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UK acoustic guitar slinger/cinematic rapper Ben Drew (aka Plan B) traces the planting of the seed for what you hear on his debut record Who Needs Actions When You Got Words to the desire to be real about the world he grew up in and plainly tell it like it is, no matter how blunt, violent, or graphic. A transatlantic phone conversation with Plan B confirmed the fact that he’s not just trying to shock, offend, or cause large amounts of disturbing reactions just for the hell of it. When you peer deeper, what you see is a developing talent for deftly transmitting pain and anger experienced into the same kind of life-saving hip hop he first heard and that eventually inspired his desire to speak to the generation of UK youth that is coming of age behind him.


The East London rapper’s musical career started when he was messing around with friends, playing his guitar and learning the ropes by covering the songs of Britpop icons Blur and Oasis. From there Drew followed his initial interests in singing “sappy” R&B, but that got boring as the desire to tell the harsh realities of the youth culture became more important.


cover art

Plan B

Who Needs Actions When You Got Words

(Wea; US: 17 Apr 2007; UK: 26 Jun 2006)

Review [11.Jun.2007]

Like a sort of sociological music veteran who understands his cultural surroundings and wants to stay true to himself but still reach the ears of the UK youth, he explains that his first hurdle was to overcome the barrier of race. Being a white kid who loved hip-hop and also wanted to rap was something he found he could overcome—like many young white emcees growing up in the mid to late ‘90s—via a little nudge of validation, from his initial emcee blueprint Eminem.


And with much the same fury of an Eminem song and the lasting power of a Stephen King short story, Plan B delivers his brutally raw socio-rhymes to not only rip open the ears of listeners but inject a poignant message that entertains and lingers long on the mind after the song is through.


What role did race play for you growing up and wanting to sing R&B, then eventually turn to rapping about what you saw going on in the UK youth culture?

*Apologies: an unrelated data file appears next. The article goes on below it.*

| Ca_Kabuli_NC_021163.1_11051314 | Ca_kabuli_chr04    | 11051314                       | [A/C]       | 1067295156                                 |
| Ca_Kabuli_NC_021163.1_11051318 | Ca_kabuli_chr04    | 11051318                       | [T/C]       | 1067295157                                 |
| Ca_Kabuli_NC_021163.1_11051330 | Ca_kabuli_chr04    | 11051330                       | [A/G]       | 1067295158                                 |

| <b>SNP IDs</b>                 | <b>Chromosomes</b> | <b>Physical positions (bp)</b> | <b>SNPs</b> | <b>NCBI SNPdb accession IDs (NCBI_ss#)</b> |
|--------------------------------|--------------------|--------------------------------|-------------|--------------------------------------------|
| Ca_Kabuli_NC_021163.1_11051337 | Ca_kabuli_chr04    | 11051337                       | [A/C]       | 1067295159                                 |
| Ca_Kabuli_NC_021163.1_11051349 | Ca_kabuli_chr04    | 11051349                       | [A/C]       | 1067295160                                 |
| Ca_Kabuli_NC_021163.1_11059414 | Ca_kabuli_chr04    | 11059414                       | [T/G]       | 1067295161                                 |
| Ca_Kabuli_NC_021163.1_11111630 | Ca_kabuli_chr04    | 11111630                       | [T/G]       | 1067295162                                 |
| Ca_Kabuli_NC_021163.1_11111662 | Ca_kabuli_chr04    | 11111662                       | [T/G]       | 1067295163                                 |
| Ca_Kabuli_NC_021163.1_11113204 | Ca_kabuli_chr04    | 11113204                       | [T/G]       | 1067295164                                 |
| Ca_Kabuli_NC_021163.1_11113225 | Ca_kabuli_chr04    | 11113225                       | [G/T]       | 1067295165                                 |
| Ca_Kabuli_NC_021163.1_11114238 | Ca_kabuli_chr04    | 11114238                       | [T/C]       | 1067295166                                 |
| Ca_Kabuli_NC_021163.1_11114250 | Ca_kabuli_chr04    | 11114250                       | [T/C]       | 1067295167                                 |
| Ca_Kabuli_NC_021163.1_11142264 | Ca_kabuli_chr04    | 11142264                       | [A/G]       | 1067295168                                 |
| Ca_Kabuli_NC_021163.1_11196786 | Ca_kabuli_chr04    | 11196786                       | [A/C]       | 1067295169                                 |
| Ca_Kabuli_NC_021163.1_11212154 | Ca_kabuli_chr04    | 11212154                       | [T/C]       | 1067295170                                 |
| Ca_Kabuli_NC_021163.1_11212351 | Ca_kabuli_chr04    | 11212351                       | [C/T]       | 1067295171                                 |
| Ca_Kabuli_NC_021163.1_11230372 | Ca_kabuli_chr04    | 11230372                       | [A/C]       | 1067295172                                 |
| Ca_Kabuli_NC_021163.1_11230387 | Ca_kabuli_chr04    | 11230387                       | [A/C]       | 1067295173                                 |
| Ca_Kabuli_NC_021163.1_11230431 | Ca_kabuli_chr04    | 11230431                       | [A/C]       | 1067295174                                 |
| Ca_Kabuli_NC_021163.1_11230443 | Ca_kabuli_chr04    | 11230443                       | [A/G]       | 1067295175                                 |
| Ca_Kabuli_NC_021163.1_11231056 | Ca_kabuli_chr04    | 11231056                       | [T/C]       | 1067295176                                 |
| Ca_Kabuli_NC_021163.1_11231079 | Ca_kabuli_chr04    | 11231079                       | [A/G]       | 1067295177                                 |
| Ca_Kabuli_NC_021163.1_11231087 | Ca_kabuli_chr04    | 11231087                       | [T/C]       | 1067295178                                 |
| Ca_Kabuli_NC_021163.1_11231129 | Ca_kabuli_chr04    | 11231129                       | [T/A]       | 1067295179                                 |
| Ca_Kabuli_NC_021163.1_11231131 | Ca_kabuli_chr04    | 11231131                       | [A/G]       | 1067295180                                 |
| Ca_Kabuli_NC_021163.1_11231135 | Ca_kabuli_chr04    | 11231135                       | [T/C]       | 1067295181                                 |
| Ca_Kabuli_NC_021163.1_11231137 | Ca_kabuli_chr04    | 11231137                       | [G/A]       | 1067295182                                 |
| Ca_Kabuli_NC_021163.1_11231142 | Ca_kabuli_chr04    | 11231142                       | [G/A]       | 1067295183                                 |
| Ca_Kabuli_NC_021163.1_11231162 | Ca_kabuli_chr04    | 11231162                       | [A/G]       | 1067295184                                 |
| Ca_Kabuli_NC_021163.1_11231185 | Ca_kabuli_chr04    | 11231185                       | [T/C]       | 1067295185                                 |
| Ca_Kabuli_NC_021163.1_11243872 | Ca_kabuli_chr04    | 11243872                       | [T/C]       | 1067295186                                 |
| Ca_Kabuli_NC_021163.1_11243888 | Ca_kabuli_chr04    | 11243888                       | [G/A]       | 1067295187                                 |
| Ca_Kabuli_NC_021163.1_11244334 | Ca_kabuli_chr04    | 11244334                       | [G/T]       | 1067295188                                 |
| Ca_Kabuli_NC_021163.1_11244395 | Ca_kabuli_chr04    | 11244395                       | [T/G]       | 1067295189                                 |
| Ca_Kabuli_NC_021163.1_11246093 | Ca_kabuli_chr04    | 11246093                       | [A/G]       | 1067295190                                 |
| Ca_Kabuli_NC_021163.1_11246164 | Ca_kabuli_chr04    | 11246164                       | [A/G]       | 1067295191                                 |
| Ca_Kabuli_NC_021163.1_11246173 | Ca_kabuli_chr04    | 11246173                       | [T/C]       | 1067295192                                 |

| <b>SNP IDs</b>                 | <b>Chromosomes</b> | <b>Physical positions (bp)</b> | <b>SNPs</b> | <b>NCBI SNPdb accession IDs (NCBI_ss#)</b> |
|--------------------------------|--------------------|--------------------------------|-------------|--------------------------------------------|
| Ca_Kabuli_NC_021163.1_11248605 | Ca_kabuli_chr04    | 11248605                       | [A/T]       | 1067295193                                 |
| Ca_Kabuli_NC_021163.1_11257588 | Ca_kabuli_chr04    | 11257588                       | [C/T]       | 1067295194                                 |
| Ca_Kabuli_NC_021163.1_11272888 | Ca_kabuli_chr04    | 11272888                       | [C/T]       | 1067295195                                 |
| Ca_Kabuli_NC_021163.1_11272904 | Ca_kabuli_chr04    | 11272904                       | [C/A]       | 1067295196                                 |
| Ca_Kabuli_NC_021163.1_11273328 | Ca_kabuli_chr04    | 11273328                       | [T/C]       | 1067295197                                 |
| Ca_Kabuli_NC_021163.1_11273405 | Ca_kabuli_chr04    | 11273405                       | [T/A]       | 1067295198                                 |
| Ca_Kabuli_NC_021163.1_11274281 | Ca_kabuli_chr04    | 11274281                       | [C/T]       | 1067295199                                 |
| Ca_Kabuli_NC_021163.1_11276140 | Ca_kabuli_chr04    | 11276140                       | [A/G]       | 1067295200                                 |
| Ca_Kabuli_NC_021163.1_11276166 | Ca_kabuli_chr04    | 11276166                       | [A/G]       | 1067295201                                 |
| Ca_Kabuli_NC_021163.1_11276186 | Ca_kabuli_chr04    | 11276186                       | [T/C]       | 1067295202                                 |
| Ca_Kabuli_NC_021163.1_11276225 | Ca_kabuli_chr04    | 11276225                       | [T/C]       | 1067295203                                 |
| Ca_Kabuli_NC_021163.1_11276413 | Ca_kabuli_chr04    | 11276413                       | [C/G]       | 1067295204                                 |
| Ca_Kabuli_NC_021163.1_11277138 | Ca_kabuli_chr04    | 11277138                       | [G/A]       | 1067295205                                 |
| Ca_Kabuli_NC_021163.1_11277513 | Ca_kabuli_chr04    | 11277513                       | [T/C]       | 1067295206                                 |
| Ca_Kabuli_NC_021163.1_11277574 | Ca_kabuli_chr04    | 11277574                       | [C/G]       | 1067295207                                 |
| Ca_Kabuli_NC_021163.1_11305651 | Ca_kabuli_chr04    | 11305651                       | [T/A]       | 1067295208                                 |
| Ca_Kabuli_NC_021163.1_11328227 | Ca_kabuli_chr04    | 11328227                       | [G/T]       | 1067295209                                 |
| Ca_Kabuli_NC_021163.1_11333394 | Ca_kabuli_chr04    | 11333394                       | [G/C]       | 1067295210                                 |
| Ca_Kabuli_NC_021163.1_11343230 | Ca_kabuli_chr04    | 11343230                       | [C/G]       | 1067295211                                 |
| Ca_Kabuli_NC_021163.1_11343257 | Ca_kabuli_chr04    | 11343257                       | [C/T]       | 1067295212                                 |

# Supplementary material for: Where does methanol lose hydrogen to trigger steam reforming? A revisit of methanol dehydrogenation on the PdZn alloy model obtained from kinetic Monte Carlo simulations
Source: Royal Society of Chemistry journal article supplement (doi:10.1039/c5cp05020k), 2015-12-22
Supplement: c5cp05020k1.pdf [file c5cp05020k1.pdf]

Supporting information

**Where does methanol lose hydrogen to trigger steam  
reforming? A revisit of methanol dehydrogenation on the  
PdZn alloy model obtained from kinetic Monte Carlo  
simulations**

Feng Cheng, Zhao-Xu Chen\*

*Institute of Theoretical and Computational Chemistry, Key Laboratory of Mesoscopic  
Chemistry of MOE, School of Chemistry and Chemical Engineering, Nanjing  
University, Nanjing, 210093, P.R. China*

I dealt with a lot of frustration growing in a black-dominated culture being a white male, a lot of feeling that because I was white that I should not be rapping. But then I realized that I like who I like, and I don’t care what people say. I started to pay more attention to other people’s experiences and I started to notice how bad the world I was growing up in really was. I’d read in the newspaper about the kids getting robbed for Pokeman cards and I’d think that we’re living in a pretty fucked up society. That got me thinking about how UK society is influenced by American hip-hop and the violence. I included the violence in my lyrics for a reason that goes beyond just shock value. I wanted to get more creative by coming in through the backdoor, give the kids what they expected but also lyrically recreate the scene most kids are experiencing. Underneath most of my songs there’s a strong message that forces the listener to ask questions and face the situation. I’m a storyteller.


So you’re doing two things: responding to the youth by coming at them, at their level, and trying to lift them out of the drugs, sex, and violence; and also in the process challenge the adult UK culture to face the truth?
Yeah, it’s true that most adults know about the youth violence and other fucked up shit but don’t have a fucking clue how to deal with it. They don’t know what it’s like to live on the streets. The only way you get through to these kids is through their minds. So many kids don’t have dads so they look to hip-hop music, and whatever the British government tried to do never solved anything in my city. I eventually realized that the only way you’re going to get through to these kids in the films or music. I talk about the reality of drugs and violence because there’s no light at the end of the tunnel and most kids end up catching some kind of disease like AIDS or something depressing like that. Growing up I saw life like as a very pessimistic person but now that I’m older I try to be more optimistic, but I’m also glad I saw those nasty things. Again, most kids, are not intending to killing each other just send a message like, ‘I’m gonna cut you,’ but what ends up happening is that they do kill each other because they have no clue about reality. So I want to help teach them what I’ve seen and that there is a real fucking danger in doing what they’re doing. The government or parents aren’t doing anything about it, so I’m making music to try and get into their minds and help change what they’re doing.


When I visit my friends in jail, and they don’t have the proper books to read, I give them my songs and they pass it around and the other guys in jail start talking about [what] I’m talking about, because in jail there’s no library, no chance for a proper rehabilitation so I give them my music, and it gives them a chance to think about things that are going to help them without being preachy or self-righteous.


I was fucking lost—that’s why I wrote this music, man. I wrote it as therapy for myself and to find out what I really stood for, and in the process I did find that and that process continues as I work on my next album.